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The Oriental Institute Museum

2000–2001 Annual Report

Karen L. Wilson

The year was a very exciting one for the museum. It began with the opening of the second of our permanent exhibition galleries, the Persian Gallery, followed closely by the traveling exhibit Treasures from the Royal Tombs of Ur. And, as it drew to a close, it found museum staff deeply immersed in planning the reopening of the rest of the museum galleries, which will take place late in 2002.

The Persian Gallery opened on 9 September, thanks to the combined efforts of Institute faculty and staff members too numerous to name individually, as well as everyone on the museum staff. It was truly a group effort - and a group triumph - and I wish to thank all of them for their generous and willing participation. The opening of the Persian Gallery was followed closely by the Ur exhibition, which opened its doors to the public on 21 October 2000 and graced us with its presence through 21 January 2001. The space in the north gallery, expertly configured by Installation Coordinator Joseph Scott, showed off these spectacular ancient masterpieces to their best, while the graphics, also designed by Joe, provided the necessary contextualization for the “treasures.” We all delighted in having these ancient Mesopotamian masterpieces here with us and were sorry to see them move on to Detroit.

While these obvious milestones were occurring in the galleries, what was going on behind the scenes that had made them possible, and will ultimately make possible the opening of the remaining galleries, was mostly invisible to those not working for the museum. At the end of the summer, Eleanor Barbanes joined us as Project Manager for Reinstallation and hit the deck running. While everyone else was busily putting the finishing touches on the Persian Gallery, Eleanor jumped into the tasks involved in project management for the Ur exhibition. Eleanor has a master’s degree in architecture from the State University of New York, Buffalo, previous experience in project management, including a stint at the Art Institute, and a Ph.D. in ancient Near Eastern studies from University of California, Berkeley. If you haven’t done so, please consider reading her lead article in this past spring’s issue of News & Notes, which gives a more detailed description of our reinstallation activities than is possible here.

Also behind the scenes, in the Institute basement, Registrar and Senior Curator Raymond D. Tindel and his staff, interns, and volunteers performed many tasks that are essential to the functioning of the museum. In the course of the past year, they handled more than 22,700 objects. At the time of this writing, Ray was holding more than 3,500 artifacts in the transit area of Registration to be considered for the new galleries. Other tasks undertaken in preparation for reinstallation of the Mesopotamian and Syro-Anatolian halls have included registering material from prehistoric sites like Jarmo, Karim Shahir, M’lefaat, Barda Balka, Matarrah, Banahilk, and Sarab, as well as from Tayinat, Nippur, Bismaya, and the Diyala region.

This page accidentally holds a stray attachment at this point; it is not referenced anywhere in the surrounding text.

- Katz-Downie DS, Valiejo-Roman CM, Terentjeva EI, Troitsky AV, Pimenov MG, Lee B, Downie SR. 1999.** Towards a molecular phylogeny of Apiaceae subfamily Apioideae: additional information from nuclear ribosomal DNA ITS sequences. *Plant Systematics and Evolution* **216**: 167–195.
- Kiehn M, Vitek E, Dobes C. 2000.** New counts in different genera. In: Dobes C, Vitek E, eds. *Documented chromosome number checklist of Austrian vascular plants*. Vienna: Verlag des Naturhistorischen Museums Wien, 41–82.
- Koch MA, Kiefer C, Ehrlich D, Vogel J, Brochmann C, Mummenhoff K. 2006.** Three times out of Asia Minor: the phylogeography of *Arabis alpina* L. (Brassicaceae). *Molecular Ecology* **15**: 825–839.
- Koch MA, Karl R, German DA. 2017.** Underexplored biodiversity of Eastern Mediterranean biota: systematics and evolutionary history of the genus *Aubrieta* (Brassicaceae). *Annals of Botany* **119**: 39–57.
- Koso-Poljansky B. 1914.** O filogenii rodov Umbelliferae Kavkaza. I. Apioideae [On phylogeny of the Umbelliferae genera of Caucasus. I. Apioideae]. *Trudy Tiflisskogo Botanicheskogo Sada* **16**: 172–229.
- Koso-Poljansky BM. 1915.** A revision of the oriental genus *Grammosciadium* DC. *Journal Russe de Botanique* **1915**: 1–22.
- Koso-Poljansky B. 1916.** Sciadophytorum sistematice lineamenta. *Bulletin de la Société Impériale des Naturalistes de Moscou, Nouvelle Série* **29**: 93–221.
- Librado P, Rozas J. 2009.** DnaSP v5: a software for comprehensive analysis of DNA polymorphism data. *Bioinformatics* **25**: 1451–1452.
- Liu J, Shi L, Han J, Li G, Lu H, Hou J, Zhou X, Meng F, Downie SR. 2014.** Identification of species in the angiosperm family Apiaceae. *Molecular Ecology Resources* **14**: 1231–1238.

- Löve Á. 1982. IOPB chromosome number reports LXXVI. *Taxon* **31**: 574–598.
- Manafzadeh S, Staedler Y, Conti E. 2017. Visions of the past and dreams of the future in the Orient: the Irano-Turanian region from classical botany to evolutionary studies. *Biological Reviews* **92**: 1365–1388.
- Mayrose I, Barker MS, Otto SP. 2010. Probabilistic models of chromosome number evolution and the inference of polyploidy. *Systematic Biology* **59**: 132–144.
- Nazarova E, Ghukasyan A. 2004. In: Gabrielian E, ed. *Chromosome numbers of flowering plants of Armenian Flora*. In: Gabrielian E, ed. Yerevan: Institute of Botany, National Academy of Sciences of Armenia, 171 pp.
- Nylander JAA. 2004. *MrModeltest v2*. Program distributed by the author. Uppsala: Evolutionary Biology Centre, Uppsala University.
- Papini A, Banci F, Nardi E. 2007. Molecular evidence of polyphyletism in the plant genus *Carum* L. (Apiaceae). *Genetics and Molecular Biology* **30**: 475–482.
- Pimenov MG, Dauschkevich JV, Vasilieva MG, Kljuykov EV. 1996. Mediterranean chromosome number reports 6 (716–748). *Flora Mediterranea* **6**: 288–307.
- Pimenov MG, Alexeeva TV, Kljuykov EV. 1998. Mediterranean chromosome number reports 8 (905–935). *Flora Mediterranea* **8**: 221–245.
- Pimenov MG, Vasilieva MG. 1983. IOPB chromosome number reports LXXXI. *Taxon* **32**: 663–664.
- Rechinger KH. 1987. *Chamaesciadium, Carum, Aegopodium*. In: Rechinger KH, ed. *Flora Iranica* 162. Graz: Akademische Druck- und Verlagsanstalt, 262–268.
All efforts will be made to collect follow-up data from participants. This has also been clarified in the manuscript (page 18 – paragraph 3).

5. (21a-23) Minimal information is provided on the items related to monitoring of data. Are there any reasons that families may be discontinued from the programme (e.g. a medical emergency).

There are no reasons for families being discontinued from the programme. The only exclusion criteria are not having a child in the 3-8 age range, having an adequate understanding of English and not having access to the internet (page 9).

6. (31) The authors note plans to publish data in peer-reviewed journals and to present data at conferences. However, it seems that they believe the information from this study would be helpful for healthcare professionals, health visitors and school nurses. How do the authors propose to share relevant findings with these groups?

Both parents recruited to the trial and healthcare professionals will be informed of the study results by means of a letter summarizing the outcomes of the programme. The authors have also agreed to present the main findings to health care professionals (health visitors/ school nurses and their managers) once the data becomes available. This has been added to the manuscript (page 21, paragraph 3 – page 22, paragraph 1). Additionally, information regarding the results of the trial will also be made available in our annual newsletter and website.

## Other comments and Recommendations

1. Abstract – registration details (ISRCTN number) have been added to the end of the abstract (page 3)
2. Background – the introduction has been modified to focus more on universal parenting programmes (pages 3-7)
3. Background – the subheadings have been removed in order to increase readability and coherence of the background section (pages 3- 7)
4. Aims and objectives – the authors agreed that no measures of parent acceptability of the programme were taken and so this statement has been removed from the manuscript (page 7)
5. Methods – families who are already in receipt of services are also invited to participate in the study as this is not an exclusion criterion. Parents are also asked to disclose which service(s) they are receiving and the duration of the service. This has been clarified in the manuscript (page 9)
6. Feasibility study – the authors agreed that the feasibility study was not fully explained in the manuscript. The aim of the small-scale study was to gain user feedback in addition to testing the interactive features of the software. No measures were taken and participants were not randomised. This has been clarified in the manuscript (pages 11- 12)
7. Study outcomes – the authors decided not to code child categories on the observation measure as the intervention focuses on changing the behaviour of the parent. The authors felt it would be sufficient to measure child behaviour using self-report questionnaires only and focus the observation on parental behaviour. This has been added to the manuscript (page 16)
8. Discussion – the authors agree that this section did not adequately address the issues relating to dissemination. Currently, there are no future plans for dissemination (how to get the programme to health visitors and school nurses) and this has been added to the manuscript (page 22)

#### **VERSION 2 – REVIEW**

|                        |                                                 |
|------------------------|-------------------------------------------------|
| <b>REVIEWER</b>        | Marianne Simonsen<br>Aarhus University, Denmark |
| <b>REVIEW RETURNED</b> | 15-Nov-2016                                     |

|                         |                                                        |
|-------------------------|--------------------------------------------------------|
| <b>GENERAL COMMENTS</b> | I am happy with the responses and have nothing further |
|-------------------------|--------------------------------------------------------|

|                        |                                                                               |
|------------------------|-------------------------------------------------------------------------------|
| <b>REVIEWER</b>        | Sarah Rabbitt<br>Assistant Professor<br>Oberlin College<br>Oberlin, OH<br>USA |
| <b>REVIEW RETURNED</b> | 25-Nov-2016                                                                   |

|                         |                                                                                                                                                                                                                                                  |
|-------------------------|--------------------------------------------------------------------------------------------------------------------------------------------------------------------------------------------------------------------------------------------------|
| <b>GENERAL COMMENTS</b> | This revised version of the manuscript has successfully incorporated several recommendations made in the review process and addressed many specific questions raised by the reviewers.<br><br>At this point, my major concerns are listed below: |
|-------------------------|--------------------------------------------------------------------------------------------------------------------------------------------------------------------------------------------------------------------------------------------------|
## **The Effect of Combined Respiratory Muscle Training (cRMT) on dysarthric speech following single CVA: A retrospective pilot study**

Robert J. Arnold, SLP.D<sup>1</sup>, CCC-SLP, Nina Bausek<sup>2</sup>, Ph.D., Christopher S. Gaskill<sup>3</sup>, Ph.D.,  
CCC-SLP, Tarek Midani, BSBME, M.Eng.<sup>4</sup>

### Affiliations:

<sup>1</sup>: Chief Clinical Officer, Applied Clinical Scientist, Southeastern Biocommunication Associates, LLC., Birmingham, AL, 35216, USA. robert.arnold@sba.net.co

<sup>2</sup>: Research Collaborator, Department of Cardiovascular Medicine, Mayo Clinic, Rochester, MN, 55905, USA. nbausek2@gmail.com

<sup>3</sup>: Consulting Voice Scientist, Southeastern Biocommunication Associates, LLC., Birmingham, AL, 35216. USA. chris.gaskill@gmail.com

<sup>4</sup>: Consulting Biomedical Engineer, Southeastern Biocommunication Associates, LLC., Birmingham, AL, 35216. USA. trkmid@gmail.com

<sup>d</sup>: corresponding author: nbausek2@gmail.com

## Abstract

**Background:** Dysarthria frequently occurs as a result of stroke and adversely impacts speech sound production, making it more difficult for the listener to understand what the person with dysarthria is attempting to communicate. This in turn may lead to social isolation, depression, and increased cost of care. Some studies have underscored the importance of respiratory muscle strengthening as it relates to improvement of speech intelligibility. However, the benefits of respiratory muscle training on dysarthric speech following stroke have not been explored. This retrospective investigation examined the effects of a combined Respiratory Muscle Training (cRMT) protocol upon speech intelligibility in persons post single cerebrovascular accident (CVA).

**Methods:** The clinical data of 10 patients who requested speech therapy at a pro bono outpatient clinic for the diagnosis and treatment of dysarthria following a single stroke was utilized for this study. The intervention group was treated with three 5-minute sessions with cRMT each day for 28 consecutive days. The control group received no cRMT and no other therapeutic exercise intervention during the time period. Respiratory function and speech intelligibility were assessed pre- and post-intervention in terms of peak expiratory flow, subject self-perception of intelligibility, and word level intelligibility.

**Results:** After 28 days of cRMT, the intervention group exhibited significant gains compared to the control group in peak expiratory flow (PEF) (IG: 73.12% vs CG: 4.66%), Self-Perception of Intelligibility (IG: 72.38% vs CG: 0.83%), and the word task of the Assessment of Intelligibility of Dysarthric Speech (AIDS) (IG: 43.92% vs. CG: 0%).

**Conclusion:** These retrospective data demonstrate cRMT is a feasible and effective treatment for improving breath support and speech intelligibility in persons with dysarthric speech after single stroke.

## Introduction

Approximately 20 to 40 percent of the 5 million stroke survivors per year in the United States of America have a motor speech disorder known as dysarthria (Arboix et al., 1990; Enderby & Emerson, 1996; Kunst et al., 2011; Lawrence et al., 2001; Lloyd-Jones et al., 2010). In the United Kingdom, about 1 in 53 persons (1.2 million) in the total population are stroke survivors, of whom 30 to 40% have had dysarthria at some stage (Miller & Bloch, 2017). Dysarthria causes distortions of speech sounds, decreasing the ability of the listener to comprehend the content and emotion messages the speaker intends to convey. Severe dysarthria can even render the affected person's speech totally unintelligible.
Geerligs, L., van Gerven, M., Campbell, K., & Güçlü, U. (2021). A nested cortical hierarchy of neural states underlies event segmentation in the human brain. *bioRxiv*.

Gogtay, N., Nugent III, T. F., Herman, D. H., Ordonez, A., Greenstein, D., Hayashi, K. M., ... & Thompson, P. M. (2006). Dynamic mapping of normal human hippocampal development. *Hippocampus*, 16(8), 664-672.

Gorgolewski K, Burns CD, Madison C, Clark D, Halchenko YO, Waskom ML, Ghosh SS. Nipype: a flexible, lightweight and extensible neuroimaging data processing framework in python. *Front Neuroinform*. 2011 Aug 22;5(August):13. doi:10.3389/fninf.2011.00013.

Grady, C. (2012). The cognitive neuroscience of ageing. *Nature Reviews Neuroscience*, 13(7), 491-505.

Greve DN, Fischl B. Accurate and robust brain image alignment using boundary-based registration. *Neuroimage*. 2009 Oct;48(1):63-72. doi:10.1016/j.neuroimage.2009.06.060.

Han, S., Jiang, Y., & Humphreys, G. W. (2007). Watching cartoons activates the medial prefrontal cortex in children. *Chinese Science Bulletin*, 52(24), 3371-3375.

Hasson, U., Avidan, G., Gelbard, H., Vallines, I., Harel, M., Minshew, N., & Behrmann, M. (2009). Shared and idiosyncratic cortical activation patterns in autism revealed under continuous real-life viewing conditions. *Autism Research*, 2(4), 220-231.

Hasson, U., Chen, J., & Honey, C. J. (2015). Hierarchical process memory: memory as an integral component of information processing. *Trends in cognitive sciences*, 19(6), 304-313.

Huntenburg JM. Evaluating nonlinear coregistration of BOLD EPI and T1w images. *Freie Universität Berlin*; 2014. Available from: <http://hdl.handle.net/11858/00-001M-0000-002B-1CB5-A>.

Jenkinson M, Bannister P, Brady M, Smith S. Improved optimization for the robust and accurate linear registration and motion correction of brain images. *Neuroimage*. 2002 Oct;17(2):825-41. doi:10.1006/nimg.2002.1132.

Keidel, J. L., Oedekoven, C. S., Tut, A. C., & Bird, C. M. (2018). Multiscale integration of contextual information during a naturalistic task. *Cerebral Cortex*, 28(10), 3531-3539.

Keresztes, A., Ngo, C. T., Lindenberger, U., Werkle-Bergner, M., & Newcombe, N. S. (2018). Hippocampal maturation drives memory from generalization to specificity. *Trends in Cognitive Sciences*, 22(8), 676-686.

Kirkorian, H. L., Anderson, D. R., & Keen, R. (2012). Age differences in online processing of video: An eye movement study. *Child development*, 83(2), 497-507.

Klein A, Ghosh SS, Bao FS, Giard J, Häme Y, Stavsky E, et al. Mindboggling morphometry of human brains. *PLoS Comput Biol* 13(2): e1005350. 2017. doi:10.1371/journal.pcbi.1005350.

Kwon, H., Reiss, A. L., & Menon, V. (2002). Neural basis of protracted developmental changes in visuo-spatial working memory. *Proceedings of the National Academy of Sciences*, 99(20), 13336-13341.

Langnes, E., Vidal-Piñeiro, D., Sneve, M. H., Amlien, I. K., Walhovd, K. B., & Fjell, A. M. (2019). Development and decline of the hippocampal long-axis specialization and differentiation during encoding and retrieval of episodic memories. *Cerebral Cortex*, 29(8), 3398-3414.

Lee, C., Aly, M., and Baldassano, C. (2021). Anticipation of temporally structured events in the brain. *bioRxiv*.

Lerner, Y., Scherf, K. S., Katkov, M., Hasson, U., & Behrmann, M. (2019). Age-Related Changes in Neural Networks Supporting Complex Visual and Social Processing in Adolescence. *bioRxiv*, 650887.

Ray also continued the ongoing chore of unpacking the material that had been boxed up for safe handling and storage during the construction and renovation project. Since 30 June 2000, he and his crew have emptied at least 351 temporary storage boxes (known to museum staff as TSBs) weighing some 8,452 pounds. There are now fewer than 2,461 (out of an original total of 4,569) TSBs left to unpack.

Thanks to a series of successful grant applications to the Institute for Museum and Library Services, spearheaded by Head of the Conservation Lab, Laura D’Alessandro, we have been able gradually to purchase state-of-the art storage cabinets for artifacts as we unpack them. This past year, an IMLS Conservation Project Support Grant allowed us to obtain twenty-one cabinets for some 3,000 pieces of Egyptian pottery dating to the predynastic and archaic periods, Old and Middle Kingdoms, and First and Second Intermediate Periods (see fig. 1). And, thanks to another IMLS CPS grant awarded this past April, we will be able to order cabinets for our New Kingdom ceramics. Those in Registration also unpacked more than 6,000 Iranian pieces - primarily beautifully painted sherds brought back from the Oriental Institute’s excavations at Chogha Mish.

In addition, Ray and his crew supplied objects of various sorts (including pottery, tablets, and manuscripts) for use in teaching by John A. Brinkman, Walter Farber, McGuire Gibson, Janet H. Johnson, Wadad Kadi, Robert K. Ritner, Donald Whitcomb, and Karen L. Wilson. Students and visiting scholars using the collections for research have included graduate students Tracy Alsberg Hoffman, Tim Collins, Colleen Coyle, and Clemens Reichel and visiting scholars from Michigan, New York, and Rome.

The wonderful corps of volunteers who have made all this work in Registration possible include Debbie Aliber, Pearl Bell, Leila Foster, Mary Grimshaw, Janet Helman, Georgie Maynard, Ila Patlogan, Jim Sopranos, Tamara Siuda, Richard Watson, Peggy Wick, and Anne Yanaway. And a special thanks to registration assistant Sabrina Sholts, who left us after a year to attend Cambridge University.

Our collection grew this year in a very exciting way. This spring, we received a major donation from the Institute of Fine Arts, New York University, of material from its excavations at the site of Mendes in the Nile Delta. These 342 pieces, which include pottery, figurines, and metal vessels, provide a valuable addition to our Egyptian collection. We thank Donald P. Hansen of the Institute of Fine Arts and Christine Lilyquist of the Metropolitan Museum of Art for thinking of the Oriental Institute Museum as the home for these artifacts.